Tax Math, Inca Style

April 6, 2008

Still working on those 1040 tax forms? One thing to think about as you read and read and reread the instructions is how the whole process would be different if there was no written language. It’s probably up for debate whether that would make it easier or harder.

The Incas, whose empire in South America began around 1200 and was strongest from about 1450 to 1532, didn’t have a written language that we are aware of, but they did a great job of keeping track of things. To do so, they used quipu (or khipu), which were knotted strings. Different knots and string colors indicated different amounts and types of items.

This picture below shows a quipu representing crop yield for several plants over three different years. Click below to see photos of quipu and learn about the connection with taxes!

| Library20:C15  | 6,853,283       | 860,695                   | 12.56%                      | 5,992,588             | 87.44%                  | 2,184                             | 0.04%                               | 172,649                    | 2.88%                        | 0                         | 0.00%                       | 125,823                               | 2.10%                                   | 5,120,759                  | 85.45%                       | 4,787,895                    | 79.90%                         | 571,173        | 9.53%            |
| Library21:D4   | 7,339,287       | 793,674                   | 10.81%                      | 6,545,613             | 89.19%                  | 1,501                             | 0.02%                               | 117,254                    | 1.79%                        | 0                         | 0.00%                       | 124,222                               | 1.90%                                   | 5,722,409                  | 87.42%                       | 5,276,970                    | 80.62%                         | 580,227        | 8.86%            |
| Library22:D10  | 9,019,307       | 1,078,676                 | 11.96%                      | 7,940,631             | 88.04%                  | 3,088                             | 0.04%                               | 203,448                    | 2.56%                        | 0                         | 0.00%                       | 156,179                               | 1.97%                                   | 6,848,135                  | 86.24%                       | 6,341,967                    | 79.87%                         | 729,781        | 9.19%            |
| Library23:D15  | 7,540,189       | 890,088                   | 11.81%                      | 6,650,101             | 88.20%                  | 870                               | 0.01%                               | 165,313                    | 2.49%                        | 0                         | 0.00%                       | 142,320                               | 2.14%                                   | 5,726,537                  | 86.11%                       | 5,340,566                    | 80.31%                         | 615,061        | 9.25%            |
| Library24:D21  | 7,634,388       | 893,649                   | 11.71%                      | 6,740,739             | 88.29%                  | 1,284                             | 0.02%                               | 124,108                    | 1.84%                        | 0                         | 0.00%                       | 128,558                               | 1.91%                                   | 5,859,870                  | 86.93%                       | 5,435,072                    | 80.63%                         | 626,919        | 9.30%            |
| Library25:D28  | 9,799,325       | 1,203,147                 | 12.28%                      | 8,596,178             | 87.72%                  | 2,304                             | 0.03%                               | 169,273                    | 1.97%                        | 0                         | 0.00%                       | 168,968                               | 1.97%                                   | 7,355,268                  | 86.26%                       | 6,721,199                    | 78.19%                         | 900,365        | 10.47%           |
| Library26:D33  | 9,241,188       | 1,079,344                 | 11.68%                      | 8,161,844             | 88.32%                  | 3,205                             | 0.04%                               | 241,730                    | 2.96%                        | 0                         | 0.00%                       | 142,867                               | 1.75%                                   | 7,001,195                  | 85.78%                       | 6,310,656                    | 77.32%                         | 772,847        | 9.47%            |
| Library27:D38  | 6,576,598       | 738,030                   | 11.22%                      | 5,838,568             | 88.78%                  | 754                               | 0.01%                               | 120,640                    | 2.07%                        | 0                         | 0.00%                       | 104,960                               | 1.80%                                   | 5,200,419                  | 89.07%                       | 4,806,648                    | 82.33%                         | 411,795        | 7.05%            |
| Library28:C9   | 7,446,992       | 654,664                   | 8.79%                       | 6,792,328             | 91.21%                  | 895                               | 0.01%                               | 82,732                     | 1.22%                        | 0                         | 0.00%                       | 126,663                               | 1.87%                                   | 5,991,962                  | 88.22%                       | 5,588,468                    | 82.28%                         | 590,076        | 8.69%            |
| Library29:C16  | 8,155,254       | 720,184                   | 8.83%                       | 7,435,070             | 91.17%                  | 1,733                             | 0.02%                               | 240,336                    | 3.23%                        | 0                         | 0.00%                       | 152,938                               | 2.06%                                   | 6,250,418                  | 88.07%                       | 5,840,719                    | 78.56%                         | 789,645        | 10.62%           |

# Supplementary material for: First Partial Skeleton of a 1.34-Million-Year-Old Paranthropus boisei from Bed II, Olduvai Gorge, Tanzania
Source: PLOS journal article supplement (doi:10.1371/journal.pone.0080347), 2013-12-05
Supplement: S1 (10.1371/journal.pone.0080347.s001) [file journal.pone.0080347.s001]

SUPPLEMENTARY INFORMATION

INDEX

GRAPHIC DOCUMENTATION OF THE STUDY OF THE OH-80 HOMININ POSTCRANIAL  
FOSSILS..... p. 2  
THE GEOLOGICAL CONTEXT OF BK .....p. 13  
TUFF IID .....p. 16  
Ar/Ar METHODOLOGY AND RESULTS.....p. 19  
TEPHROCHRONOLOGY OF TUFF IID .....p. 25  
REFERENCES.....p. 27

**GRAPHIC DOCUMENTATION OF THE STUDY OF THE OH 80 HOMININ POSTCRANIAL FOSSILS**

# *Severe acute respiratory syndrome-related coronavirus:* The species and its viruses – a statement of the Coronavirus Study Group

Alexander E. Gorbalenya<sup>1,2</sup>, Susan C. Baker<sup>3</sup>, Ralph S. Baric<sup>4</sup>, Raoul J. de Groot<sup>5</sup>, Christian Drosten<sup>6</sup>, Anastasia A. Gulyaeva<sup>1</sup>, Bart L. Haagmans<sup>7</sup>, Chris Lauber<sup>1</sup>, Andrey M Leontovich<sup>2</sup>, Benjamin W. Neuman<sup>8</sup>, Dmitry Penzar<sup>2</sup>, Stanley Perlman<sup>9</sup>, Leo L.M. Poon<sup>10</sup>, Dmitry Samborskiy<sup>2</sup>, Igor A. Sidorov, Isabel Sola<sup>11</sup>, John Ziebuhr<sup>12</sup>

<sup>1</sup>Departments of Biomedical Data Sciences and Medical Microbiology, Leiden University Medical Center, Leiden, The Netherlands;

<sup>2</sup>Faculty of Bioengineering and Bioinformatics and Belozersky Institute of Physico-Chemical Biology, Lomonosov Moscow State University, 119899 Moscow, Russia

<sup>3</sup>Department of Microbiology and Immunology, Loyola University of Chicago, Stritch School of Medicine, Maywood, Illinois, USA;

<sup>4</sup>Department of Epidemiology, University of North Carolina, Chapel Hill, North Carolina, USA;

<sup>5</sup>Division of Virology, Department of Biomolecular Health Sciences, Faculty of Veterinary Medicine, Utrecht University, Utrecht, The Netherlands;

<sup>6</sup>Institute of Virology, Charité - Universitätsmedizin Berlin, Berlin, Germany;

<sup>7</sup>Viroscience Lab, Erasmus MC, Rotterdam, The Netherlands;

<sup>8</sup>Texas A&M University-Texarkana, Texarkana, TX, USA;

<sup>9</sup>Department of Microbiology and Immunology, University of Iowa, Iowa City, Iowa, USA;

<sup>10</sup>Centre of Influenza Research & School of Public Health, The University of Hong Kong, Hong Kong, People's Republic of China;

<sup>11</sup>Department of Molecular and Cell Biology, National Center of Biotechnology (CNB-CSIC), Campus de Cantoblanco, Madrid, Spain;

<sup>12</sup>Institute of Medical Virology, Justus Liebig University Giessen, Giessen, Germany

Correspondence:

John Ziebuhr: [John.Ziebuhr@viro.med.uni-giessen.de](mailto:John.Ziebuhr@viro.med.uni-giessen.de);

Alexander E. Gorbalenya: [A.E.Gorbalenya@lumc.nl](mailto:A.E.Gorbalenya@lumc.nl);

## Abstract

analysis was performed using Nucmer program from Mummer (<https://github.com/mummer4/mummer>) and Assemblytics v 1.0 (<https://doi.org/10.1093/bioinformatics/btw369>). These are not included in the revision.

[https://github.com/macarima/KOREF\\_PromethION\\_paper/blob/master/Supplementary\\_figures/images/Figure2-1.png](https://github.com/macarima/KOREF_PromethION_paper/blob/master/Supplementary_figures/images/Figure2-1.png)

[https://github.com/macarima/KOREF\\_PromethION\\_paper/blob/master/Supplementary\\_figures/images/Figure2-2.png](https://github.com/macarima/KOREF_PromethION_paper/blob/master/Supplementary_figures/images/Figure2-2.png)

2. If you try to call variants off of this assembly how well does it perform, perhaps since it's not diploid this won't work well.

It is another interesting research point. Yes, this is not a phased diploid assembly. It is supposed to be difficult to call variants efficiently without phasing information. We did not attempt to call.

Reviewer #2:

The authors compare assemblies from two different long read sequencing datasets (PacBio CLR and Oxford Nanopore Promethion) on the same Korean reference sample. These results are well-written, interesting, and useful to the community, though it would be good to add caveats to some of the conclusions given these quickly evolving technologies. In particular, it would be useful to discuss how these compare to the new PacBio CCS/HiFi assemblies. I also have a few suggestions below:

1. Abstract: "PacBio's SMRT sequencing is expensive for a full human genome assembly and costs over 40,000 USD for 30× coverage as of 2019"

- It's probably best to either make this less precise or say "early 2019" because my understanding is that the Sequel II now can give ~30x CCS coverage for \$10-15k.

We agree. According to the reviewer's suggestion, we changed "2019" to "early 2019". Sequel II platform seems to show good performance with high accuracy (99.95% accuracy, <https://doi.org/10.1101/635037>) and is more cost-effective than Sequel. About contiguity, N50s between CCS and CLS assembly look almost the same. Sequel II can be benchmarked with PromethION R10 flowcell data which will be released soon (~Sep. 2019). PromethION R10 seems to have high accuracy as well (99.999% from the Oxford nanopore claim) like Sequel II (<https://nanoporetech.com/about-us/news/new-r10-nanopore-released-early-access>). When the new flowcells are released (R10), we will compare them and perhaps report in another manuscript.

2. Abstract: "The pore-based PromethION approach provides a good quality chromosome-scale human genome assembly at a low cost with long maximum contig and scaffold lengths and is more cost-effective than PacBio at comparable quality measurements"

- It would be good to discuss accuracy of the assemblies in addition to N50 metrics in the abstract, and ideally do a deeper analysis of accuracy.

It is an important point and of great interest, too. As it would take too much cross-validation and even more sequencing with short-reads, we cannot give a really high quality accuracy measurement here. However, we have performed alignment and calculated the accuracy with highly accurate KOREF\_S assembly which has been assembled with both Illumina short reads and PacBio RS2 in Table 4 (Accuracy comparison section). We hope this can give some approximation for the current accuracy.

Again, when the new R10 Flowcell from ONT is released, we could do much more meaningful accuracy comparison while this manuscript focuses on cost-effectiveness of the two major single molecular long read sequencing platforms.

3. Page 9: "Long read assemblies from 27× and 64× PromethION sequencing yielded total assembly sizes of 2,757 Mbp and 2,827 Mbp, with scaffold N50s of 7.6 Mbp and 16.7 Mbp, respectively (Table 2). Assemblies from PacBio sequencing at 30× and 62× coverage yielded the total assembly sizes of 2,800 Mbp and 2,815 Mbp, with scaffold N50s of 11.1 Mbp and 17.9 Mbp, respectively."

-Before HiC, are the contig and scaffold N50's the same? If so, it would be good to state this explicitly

Tax Math, Aztec Style

April 5, 2008

Having tax woes? The Aztecs, who lived in Central Mexico and whose empire was particularly strong between the 12th and 15th centuries, shared your pain. They might not have had to fill out 1040 forms, but they did have to pay taxes, and the calculations were not simple, according to a paper published April 4 in Science Magazine which deciphered the mathematics of two codices from around 1540-1544. (“Aztec Arithmetic Revisited: Land-Area Algorithms and Acolhua Congruence Arithmetic” by Barbara J. Williams and María del Carmen Jorge y Jorge; see the abstract here.) Click to read more about Aztec math and taxes!

It’s Carnival Time!

April 4, 2008